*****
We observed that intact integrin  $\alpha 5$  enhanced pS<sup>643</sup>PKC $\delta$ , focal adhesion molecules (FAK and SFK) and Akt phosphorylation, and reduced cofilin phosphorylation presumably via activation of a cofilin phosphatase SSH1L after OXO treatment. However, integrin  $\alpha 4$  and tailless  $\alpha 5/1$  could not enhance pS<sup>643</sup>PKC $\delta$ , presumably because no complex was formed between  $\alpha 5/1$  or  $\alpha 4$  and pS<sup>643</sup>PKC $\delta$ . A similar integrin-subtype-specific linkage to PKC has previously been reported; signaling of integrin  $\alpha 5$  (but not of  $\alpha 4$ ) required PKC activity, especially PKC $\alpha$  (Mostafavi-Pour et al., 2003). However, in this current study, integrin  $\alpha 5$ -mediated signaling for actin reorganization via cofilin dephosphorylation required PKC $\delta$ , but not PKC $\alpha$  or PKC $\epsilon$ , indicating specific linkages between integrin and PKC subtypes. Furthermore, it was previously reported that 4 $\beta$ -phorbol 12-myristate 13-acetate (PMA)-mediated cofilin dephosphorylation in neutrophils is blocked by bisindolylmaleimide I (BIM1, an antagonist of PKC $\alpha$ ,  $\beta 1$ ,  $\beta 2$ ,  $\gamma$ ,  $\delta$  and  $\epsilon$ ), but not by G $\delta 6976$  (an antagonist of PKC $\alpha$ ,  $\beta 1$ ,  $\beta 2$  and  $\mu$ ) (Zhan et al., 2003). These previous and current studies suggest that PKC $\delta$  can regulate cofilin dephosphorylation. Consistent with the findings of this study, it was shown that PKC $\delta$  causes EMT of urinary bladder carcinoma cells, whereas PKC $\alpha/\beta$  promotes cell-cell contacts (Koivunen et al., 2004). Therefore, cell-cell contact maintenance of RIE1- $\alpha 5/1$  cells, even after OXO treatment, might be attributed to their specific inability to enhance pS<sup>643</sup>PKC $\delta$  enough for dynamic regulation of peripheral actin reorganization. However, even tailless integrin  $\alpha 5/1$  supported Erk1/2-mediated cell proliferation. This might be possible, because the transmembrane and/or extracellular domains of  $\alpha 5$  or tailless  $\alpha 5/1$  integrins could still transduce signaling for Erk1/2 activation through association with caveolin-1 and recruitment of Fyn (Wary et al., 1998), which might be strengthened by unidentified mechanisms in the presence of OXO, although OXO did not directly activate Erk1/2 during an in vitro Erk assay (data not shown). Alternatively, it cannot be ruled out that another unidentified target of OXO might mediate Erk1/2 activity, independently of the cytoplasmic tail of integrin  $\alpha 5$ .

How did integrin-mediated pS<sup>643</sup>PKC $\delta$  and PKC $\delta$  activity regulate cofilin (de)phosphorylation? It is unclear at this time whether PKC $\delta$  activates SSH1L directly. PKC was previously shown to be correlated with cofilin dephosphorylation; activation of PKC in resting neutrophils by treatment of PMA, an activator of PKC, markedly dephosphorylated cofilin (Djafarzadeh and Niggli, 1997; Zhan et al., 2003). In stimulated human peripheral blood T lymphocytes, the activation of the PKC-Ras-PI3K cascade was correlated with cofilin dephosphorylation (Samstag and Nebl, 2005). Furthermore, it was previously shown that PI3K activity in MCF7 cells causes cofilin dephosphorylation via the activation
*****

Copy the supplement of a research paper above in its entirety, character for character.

We observed that intact integrin  $\alpha 5$  enhanced pS<sup>643</sup>PKC $\delta$ , focal adhesion molecules (FAK and SFK) and Akt phosphorylation, and reduced cofilin phosphorylation presumably via activation of a cofilin phosphatase SSH1L after OXO treatment. However, integrin  $\alpha 4$  and tailless  $\alpha 5/1$  could not enhance pS<sup>643</sup>PKC $\delta$ , presumably because no complex was formed between  $\alpha 5/1$  or  $\alpha 4$  and pS<sup>643</sup>PKC $\delta$ . A similar integrin-subtype-specific linkage to PKC has previously been reported; signaling of integrin  $\alpha 5$  (but not of  $\alpha 4$ ) required PKC activity, especially PKC $\alpha$  (Mostafavi-Pour et al., 2003). However, in this current study, integrin  $\alpha 5$ -mediated signaling for actin reorganization via cofilin dephosphorylation required PKC $\delta$ , but not PKC $\alpha$  or PKC $\epsilon$ , indicating specific linkages between integrin and PKC subtypes. Furthermore, it was previously reported that 4 $\beta$ -phorbol 12-myristate 13-acetate (PMA)-mediated cofilin dephosphorylation in neutrophils is blocked by bisindolylmaleimide I (BIM1, an antagonist of PKC $\alpha$ ,  $\beta 1$ ,  $\beta 2$ ,  $\gamma$ ,  $\delta$  and  $\epsilon$ ), but not by G $\delta 6976$  (an antagonist of PKC $\alpha$ ,  $\beta 1$ ,  $\beta 2$  and  $\mu$ ) (Zhan et al., 2003). These previous and current studies suggest that PKC $\delta$  can regulate cofilin dephosphorylation. Consistent with the findings of this study, it was shown that PKC $\delta$  causes EMT of urinary bladder carcinoma cells, whereas PKC $\alpha/\beta$  promotes cell-cell contacts (Koivunen et al., 2004). Therefore, cell-cell contact maintenance of RIE1- $\alpha 5/1$  cells, even after OXO treatment, might be attributed to their specific inability to enhance pS<sup>643</sup>PKC $\delta$  enough for dynamic regulation of peripheral actin reorganization. However, even tailless integrin  $\alpha 5/1$  supported Erk1/2-mediated cell proliferation. This might be possible, because the transmembrane and/or extracellular domains of  $\alpha 5$  or tailless  $\alpha 5/1$  integrins could still transduce signaling for Erk1/2 activation through association with caveolin-1 and recruitment of Fyn (Wary et al., 1998), which might be strengthened by unidentified mechanisms in the presence of OXO, although OXO did not directly activate Erk1/2 during an in vitro Erk assay (data not shown). Alternatively, it cannot be ruled out that another unidentified target of OXO might mediate Erk1/2 activity, independently of the cytoplasmic tail of integrin  $\alpha 5$ .

How did integrin-mediated pS<sup>643</sup>PKC $\delta$  and PKC $\delta$  activity regulate cofilin (de)phosphorylation? It is unclear at this time whether PKC $\delta$  activates SSH1L directly. PKC was previously shown to be correlated with cofilin dephosphorylation; activation of PKC in resting neutrophils by treatment of PMA, an activator of PKC, markedly dephosphorylated cofilin (Djafarzadeh and Niggli, 1997; Zhan et al., 2003). In stimulated human peripheral blood T lymphocytes, the activation of the PKC-Ras-PI3K cascade was correlated with cofilin dephosphorylation (Samstag and Nebl, 2005). Furthermore, it was previously shown that PI3K activity in MCF7 cells causes cofilin dephosphorylation via the activation